I read every blog entry I could find about those who had already done the climb.

I knew the initial few kilometres comprised of very steep steps into the rock.

I knew it would be very hot and humid so plenty of sunblock was required and shorts would be fine initially.

I knew warmer clothes would be needed higher up as it turns extremely cold.

I knew we had to start off very slowly as we would need that energy reserve later.

I knew to respect the altitude and heed the symptoms of altitude sickness.

I felt I had a fairly good idea of what to expect and most people's experiences seemed to be consistent.

I trained hard at the gym and my fitness was never an issue. (Thanks Vibrobody). Hubster was absolutely fine too, the mountain goat that he is!

The altitude was not a problem, for either of us. (Blessing)

However nowhere did I read the experience we were to encounter. (Nowhere!)

145 other people embarked on the climb with us that day. (Not all at the same time)

When we set off the whole of the mountain was shrouded in thick cloud. No chance of seeing our nemesis before we started.

It was dank and drizzling.

After just 1km up, 30 minutes in, it was raining heavily and we were soaked through. Shorts, knickers, bra - the lot. (even Gareth's bra! lol)

After 4km up, 3.5 hours in, we were battling a downward torrent of muddy rain water and we could clearly hear the wind howling and whistling as we started to emerge out of the tree canopy.

A little weary and in need of sustenance we stopped at the makeshift hut. We nibbled on a few boiled eggs, drank some water and noted Sepison, our guide, was looking concerned. I found the howling wind disconcerting and I was already very cold.

Hubster and I exchanged looks but not words. "Bloody wonderful eh? Not!"

The tips of my fingers were shrivelled like they do when you have been in the bath too long and as I get Reynauds Disease, they were also white, devoid of circulation and I could not feel my grip on my walking poles.

I presented my hands to my Hubster and he immediately clasped my fingers in his cupped hands and blew hot breath onto them. I did windmills with my arms to pump the blood through too. A tried and tested routine, normally performed on a ski slope at about -10.

Sepison, our guide was on his radio.

Forlorn people were strewn around us, visibility was getting poorer and one lady was in floods of tears and screaming in German at her partner.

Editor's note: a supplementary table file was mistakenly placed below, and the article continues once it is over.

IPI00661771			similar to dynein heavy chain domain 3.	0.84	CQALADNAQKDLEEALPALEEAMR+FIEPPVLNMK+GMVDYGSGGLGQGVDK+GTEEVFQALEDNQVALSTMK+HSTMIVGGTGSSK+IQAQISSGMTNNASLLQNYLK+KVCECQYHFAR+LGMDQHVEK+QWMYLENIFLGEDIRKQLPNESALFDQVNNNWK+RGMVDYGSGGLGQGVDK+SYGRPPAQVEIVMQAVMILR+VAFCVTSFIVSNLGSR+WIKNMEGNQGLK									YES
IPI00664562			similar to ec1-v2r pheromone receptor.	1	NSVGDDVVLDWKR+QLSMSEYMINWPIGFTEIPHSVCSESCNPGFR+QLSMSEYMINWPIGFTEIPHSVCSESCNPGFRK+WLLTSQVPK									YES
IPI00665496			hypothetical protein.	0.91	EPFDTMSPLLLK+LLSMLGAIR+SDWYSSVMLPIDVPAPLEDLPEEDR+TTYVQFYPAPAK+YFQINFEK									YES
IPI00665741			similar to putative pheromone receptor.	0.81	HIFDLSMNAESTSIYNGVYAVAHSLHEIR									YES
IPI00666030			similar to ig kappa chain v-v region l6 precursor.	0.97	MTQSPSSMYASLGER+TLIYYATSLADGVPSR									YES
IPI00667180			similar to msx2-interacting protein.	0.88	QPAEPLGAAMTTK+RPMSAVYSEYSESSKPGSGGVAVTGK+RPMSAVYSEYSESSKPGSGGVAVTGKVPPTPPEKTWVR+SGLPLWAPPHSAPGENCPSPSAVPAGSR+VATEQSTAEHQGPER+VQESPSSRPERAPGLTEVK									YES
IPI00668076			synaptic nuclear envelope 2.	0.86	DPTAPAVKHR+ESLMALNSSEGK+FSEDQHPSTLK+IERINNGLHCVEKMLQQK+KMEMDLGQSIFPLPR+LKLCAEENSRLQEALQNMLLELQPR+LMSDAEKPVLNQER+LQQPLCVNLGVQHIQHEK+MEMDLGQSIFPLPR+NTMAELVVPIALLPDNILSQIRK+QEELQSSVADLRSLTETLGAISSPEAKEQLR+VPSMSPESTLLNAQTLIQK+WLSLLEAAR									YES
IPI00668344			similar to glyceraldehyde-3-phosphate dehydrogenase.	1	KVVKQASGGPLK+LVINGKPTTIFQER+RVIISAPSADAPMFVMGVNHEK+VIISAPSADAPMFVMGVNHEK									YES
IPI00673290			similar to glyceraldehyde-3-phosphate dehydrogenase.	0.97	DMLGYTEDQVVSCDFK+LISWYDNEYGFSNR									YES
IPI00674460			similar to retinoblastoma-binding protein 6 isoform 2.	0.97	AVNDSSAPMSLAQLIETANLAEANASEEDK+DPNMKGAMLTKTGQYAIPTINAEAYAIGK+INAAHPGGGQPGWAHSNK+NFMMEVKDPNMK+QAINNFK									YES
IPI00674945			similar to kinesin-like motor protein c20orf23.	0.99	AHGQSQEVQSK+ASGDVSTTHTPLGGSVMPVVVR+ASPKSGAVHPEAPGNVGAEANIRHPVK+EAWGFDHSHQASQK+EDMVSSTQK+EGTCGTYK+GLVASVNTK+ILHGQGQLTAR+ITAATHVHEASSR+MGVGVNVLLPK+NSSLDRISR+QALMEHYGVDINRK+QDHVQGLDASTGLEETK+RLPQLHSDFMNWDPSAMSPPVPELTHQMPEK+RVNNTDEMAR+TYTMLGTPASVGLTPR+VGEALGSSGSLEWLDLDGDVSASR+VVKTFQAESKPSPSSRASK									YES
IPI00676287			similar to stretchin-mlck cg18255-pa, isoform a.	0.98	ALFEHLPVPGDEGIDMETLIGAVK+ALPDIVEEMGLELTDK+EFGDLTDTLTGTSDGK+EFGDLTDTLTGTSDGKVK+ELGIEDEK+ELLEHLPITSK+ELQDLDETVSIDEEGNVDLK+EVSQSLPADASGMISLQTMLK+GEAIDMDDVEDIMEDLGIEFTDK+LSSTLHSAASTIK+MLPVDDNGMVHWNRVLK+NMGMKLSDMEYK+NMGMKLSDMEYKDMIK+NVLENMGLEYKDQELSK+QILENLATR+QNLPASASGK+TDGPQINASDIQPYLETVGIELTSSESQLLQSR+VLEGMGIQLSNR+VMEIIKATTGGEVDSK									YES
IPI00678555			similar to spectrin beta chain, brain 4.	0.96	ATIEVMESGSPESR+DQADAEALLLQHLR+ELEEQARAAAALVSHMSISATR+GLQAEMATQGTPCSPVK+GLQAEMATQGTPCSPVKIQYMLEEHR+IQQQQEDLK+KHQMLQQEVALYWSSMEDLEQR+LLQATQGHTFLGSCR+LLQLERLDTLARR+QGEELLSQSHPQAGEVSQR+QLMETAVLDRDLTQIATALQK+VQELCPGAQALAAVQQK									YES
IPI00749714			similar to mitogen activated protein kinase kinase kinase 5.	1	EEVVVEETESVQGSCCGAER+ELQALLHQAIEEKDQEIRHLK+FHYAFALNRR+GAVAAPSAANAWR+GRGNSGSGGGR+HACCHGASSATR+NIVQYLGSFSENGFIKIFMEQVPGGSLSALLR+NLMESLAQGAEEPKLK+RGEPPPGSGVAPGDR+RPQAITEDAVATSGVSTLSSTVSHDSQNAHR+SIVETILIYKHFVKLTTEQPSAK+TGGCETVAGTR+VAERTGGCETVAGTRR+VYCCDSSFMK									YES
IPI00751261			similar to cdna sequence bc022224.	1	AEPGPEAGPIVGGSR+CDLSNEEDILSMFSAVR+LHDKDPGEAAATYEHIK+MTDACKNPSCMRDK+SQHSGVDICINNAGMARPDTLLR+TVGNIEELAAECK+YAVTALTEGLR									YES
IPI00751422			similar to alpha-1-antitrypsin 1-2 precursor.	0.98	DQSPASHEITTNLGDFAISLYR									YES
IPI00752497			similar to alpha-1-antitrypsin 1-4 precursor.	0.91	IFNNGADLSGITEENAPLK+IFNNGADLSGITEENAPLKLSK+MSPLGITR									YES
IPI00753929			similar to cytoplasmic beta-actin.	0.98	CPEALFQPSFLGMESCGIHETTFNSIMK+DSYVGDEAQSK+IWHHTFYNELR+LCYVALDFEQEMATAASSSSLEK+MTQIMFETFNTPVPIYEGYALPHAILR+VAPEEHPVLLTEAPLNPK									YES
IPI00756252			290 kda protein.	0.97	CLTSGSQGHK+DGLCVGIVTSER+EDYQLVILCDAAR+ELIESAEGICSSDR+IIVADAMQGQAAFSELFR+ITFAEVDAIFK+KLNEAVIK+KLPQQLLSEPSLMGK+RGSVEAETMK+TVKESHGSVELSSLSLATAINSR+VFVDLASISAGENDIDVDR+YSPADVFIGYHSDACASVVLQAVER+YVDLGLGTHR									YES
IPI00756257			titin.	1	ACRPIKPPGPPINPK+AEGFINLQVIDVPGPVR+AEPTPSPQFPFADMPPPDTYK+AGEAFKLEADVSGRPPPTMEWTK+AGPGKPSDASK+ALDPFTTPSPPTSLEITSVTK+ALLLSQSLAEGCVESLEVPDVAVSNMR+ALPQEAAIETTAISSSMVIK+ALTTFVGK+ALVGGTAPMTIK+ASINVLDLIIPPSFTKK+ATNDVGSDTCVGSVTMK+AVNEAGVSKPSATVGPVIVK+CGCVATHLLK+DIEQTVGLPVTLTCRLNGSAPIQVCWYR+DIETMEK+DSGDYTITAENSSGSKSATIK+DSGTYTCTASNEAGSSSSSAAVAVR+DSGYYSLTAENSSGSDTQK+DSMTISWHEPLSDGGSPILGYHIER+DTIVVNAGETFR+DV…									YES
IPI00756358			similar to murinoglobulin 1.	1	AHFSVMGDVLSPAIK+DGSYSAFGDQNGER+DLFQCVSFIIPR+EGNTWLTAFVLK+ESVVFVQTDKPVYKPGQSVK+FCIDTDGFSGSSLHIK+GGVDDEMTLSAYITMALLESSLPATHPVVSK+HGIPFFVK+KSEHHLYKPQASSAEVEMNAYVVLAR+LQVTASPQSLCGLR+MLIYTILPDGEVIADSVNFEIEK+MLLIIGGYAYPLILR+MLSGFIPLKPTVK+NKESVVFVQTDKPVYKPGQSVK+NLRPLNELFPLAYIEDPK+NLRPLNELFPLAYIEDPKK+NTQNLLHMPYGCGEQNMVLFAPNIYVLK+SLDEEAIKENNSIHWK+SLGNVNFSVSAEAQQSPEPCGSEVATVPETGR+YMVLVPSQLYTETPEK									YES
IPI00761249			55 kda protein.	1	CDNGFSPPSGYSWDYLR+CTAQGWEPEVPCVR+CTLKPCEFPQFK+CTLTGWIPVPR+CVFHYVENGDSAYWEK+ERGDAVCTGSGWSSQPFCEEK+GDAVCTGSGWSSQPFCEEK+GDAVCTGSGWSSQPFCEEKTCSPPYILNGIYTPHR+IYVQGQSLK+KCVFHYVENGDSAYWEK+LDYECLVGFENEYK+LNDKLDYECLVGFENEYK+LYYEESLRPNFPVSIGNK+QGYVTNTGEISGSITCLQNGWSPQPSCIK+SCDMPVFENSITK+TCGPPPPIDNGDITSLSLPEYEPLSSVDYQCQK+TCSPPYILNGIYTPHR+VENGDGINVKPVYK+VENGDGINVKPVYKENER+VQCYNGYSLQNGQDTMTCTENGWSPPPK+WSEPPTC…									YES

This was tough. This was not fun at all.

People who had gone up the day before were now passing us on their descent, all muttering how awful it was today and how lovely it was yesterday. (Great!)

Disgruntled I thought "This isn't how it's supposed to be, I never read this scenario, this isn't like rain that I have ever experienced". Indeed it wasn't.

"No good" Sepison said. "Big typhoon, no can summit, too dangerous. No for me" Now these guides do not abort a climb lightly, if they don't take clients to the top, they don't get fully paid and money is hard earned in Borneo. It is an extremely poor country.

We understood every word he said and we knew in our heart of hearts he was right and we know from experience that you NEVER lose respect for the mountain because the mountain will always win but even in our sodden, bedraggled state, disappointment washed over us.

There was no point carrying on. The weather was going to get worse and the slope to the summit would turn into a torrenting waterfall - impossible.

We turned our heels and started the descent down.

It was terrible, so much harder than the climb. The rain water was now so high it covered the tops of our boots and our feet were soaking wet, blisters were inevitable now. It was hard to see a decent footing and it was extremely slippy, every step down was precarious.

We all fell into a determined and focused silence. One step, two step, three step down and for some daft reason the tune "hit the road jack" just whirred around my head.

...........and don't you come back, no more, no more, no more, no more.................

With just one more kilometre to go my right knee felt like it was going to burst apart, I had turned over on my ankle a few times as the water had loosened the smaller rocks beneath our feet.

We would have fallen many times for sure if it hadn't been for our walking poles taking up some of the pressure on the downward step.

By the time we reached the bottom I was shivering with cold from the pit of my stomach, my teeth were chattering uncontrollably and I felt a little nauseous. We had to wait for the bus to take us back to the main gate. After half an hour, still no bus. The water poured off our foreheads, noses and chins like we were fully clothed under a cold power shower whilst standing in a wind tunnel.

I could bear it no longer. I told Sepison, I'm walking back. If the bus comes, stop to pick me up, I need to keep moving, generate some warmth or I will pass out. Hubster knew not to second question my decision. He always knows when my dark brown eyes turn black (he says), I am resolute.

Sepison was bewildered and flustered. Kept muttering sorry and touching his heart. It wasn't his fault at all but I didn't have the energy to reassure him.

We would pay him anyway and all would be well in the end.

I fantasised about the plunge pool at Bunga Ray and vowed never to complain about being too hot again.

Not one of the other 145 made it either.

But we did our best and had it not been for Mother Nature throwing a wobbly, I know we would have made it.